In the Rajya Sabha, Leader of the Opposition Ghulam Nabi Azad, while expressing outrage over the development, said the Indian government should provide Jadhav the best of the lawyers to ensure that the truth prevails.
Responding to this, the External Affairs Minister said the government will not only ensure that Jadhav is provided with the best of lawyers in the Supreme Court of Pakistan but will also take it up with the President of Pakistan.
"Whatever is necessary, we will do. We will go out of the way...," she said, adding that Jadhav was now "not only the son of his parents, but is the son of India."
She also informed Parliament that a senior Pakistani leader has himself expressed doubts about the adequacy of evidence in the case.
She said she has been in touch with Jadhav's parents and the government was extending its fullest support to them in this difficult situation.
The opposition and the treasury benches in Parliament on Tuesday jointly expressed solidarity with Jadhav, who was awarded capital punishment by a Pakistani Field General Court Martial on Monday.
As soon as the Lok Sabha met for the day, members cutting across party lines slammed Pakistan for awarding death sentence to Jadhav.
Leader of the Congress Mallikarjun Kharge wondered why the government remained silent on the issue. His remarks attracted the ire of BJP members who said the government was condemning the incident.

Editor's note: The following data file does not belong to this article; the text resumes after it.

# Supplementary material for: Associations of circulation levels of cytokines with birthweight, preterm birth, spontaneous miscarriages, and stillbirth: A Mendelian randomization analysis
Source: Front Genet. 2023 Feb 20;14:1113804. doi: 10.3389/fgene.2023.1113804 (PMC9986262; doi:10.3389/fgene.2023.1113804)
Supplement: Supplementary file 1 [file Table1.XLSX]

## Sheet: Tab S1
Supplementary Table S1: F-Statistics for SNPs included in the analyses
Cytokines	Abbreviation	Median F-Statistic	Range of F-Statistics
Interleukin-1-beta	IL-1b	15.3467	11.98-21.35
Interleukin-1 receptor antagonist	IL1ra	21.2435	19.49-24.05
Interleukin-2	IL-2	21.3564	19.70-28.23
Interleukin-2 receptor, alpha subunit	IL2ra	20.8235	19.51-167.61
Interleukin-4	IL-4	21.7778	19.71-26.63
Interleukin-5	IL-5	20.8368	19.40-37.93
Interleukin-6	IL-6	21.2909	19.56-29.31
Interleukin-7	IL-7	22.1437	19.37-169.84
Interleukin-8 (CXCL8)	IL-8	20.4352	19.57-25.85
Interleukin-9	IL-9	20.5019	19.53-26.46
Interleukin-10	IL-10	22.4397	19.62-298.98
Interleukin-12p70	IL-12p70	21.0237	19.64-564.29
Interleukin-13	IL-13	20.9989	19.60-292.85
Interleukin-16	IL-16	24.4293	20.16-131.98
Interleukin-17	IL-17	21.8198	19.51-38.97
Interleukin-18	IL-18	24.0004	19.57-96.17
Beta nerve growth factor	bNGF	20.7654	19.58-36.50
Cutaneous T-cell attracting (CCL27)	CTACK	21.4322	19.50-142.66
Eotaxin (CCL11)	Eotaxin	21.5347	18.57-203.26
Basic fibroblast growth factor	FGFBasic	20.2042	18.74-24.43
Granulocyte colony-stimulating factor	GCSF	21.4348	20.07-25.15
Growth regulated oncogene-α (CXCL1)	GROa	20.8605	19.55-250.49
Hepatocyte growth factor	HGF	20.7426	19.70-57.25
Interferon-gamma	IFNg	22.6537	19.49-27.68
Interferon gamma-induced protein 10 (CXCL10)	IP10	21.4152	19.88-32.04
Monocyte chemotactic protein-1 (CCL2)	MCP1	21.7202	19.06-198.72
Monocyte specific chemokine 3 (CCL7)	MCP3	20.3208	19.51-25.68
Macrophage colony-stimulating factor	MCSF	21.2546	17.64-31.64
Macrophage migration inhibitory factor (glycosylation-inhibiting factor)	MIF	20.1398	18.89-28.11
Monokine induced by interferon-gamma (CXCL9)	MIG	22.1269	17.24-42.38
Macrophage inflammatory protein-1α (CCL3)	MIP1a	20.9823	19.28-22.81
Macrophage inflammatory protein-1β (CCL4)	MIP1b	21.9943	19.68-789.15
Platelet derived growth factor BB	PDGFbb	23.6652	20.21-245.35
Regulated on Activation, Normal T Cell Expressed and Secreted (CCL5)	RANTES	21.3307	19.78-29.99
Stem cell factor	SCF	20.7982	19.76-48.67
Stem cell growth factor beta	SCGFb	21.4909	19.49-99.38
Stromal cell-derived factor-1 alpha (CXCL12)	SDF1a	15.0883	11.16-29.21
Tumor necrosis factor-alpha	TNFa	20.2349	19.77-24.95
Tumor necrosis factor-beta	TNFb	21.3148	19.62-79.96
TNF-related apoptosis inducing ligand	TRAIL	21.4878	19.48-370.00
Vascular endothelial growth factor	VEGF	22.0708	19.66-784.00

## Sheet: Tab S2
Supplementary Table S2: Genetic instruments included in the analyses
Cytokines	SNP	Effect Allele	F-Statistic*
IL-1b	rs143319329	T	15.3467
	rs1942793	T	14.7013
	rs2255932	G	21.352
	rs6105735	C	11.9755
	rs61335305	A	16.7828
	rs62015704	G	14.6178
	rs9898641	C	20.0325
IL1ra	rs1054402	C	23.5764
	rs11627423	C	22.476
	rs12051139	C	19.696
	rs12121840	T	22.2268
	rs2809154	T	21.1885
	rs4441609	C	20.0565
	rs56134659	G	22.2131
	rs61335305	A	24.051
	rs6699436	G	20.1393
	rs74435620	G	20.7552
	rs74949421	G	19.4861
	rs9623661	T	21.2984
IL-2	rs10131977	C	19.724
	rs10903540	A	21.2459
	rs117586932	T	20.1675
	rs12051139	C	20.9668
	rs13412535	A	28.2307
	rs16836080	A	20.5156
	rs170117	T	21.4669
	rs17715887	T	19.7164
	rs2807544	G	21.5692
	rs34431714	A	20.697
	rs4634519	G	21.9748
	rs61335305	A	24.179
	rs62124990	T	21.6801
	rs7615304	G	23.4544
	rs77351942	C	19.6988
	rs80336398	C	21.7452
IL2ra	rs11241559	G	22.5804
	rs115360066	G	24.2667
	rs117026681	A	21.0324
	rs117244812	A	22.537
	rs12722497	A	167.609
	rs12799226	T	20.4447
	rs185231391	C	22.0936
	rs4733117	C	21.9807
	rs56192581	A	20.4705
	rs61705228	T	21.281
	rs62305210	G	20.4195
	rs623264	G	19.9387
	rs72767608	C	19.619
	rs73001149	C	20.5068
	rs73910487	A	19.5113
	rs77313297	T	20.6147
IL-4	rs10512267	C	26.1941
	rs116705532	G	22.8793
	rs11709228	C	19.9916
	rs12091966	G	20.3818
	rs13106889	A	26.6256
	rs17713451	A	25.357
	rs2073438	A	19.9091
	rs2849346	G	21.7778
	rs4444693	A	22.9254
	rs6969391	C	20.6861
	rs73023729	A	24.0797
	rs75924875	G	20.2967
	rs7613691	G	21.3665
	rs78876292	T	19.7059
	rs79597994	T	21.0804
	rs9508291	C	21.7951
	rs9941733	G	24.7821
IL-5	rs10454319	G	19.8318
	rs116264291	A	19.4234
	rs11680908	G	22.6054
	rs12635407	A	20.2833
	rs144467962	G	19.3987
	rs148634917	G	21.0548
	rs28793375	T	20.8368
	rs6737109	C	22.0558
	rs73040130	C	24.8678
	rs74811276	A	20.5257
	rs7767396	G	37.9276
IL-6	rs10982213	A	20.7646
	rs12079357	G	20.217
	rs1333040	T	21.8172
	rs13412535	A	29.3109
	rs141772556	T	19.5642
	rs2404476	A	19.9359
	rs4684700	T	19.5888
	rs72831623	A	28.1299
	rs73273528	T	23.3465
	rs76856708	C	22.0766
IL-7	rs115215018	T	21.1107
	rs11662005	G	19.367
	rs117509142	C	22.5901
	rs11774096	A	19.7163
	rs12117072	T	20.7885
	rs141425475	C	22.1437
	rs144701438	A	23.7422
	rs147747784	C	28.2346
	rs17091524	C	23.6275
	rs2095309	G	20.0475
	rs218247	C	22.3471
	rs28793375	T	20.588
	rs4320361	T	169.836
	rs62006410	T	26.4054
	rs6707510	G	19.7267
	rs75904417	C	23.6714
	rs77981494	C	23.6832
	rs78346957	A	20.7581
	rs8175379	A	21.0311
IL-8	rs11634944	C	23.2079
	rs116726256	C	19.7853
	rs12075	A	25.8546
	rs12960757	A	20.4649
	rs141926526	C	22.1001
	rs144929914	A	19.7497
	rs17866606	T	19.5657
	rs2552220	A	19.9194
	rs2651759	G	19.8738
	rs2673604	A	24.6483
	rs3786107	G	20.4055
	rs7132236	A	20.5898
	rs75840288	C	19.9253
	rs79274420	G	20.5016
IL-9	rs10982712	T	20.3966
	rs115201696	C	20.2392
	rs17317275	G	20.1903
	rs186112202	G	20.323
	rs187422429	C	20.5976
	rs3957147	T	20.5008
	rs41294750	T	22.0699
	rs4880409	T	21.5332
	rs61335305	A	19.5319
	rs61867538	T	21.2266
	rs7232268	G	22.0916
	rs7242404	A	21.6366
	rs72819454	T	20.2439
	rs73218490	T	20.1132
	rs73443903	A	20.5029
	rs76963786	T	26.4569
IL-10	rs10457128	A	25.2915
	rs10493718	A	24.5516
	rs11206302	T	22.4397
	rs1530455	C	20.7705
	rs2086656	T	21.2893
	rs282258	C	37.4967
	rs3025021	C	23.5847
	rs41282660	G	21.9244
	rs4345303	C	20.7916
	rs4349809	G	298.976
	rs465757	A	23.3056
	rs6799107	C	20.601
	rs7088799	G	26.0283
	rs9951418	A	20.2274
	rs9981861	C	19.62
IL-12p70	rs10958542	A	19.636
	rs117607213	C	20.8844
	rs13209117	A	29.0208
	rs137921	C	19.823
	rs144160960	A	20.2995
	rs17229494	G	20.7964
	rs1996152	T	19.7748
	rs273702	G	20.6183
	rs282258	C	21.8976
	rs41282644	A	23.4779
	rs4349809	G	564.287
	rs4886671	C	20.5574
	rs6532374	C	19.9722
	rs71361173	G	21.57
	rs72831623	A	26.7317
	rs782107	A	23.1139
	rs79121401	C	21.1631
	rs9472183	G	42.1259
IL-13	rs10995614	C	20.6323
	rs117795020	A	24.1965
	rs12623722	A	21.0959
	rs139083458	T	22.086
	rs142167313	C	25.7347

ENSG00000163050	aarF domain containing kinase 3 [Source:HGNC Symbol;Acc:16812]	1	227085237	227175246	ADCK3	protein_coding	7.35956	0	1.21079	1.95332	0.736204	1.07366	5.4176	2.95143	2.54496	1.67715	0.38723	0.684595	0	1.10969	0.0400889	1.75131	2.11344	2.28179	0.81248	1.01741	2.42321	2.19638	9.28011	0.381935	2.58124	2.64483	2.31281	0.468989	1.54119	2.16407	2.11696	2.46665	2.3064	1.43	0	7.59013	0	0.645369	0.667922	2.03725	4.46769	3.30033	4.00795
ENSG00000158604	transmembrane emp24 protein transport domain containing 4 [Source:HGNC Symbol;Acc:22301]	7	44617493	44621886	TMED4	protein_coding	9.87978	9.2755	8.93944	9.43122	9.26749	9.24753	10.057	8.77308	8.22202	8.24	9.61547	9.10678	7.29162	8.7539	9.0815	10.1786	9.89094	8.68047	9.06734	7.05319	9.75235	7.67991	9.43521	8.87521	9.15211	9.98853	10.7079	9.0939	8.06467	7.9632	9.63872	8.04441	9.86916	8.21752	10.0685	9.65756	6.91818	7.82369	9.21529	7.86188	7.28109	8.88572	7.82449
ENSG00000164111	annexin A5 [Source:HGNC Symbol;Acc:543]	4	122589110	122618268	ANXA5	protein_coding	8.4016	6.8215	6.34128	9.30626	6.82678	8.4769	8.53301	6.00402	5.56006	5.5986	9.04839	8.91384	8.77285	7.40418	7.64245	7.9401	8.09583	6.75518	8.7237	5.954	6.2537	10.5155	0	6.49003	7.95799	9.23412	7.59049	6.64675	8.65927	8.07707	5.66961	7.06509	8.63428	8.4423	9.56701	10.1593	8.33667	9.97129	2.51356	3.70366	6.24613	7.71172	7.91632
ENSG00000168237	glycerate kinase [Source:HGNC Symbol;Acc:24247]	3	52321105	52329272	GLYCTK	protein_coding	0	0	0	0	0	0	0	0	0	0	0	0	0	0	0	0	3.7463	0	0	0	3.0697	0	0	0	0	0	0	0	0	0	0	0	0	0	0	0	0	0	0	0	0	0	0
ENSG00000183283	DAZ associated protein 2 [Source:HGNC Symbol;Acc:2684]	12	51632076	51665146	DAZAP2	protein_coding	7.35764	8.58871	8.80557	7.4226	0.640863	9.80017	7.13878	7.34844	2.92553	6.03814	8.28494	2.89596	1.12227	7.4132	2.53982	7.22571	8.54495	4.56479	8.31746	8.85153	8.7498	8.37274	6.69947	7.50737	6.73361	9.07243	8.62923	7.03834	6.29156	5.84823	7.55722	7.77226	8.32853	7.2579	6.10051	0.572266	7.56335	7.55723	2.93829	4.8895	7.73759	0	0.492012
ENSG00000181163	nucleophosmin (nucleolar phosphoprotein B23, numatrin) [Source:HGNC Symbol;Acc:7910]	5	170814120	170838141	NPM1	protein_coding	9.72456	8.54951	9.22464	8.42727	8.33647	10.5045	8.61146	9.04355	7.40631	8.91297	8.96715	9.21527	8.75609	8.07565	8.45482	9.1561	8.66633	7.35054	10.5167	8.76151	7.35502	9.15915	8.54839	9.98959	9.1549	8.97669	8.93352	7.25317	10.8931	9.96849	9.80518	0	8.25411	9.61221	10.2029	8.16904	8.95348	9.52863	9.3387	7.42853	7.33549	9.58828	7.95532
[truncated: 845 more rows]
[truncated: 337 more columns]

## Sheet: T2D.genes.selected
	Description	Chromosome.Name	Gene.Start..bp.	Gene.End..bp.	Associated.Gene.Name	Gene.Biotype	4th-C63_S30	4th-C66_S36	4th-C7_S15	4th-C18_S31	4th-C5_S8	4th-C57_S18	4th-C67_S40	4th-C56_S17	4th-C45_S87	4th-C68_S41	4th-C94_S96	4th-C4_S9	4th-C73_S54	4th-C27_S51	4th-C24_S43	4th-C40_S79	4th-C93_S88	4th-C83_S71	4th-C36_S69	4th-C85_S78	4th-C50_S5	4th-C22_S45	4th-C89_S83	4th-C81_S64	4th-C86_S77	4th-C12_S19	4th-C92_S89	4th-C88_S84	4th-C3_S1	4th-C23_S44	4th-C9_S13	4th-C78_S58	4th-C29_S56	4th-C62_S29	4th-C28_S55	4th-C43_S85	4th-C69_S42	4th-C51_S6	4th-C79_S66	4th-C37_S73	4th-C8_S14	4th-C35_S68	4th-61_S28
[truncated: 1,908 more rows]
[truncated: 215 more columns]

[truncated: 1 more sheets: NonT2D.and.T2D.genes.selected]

Asaduddin Owaisi (AIMIM) urged the government to use its influence for the release of the Indian citizen.
Shashi Tharoor (Cong) asserted that the sentence was against all international norms.
N K Premchandran (RSP), Vinayak Raut (Shiv Sena) and Saugata Roy (AITC) expressed similar sentiments. Maharashtra Chief Minister Devendra Fadnavis also wrote to Swaraj urging her to secure Jadhav's release.
Speaking on the issue, Tharoor slammed Pakistan for the death sentence and termed it an "assault" on international laws and conventions.
"What Pakistan is doing is not only an assault on India, it is an assault on international laws, international conventions that affect everybody. There are certain countries that finance and arm the Pakistani military. Those countries must be told by us that if this can be done to an Indian today, it can be done to one of their nationals tomorrow," Tharoor said in the Lok Sabha.
"The extremely important thing for us is to uphold the principles. Thirteen times this gentleman was denied consular access, which is a basic right. Geneva conventions have been violated by Pakistan... This is an extremely serious matter," he added.
Jadhav was "arrested" on March 3 last year by Pakistani security forces in the restive Balochistan province after he reportedly entered from Iran. Pakistan has alleged that Jadhav was "a serving officer" in the Indian Navy and deputed to the Research and Analysis Wing (R&AW).
India has acknowledged that Jadhav served with the navy but denied he has any connection with the government.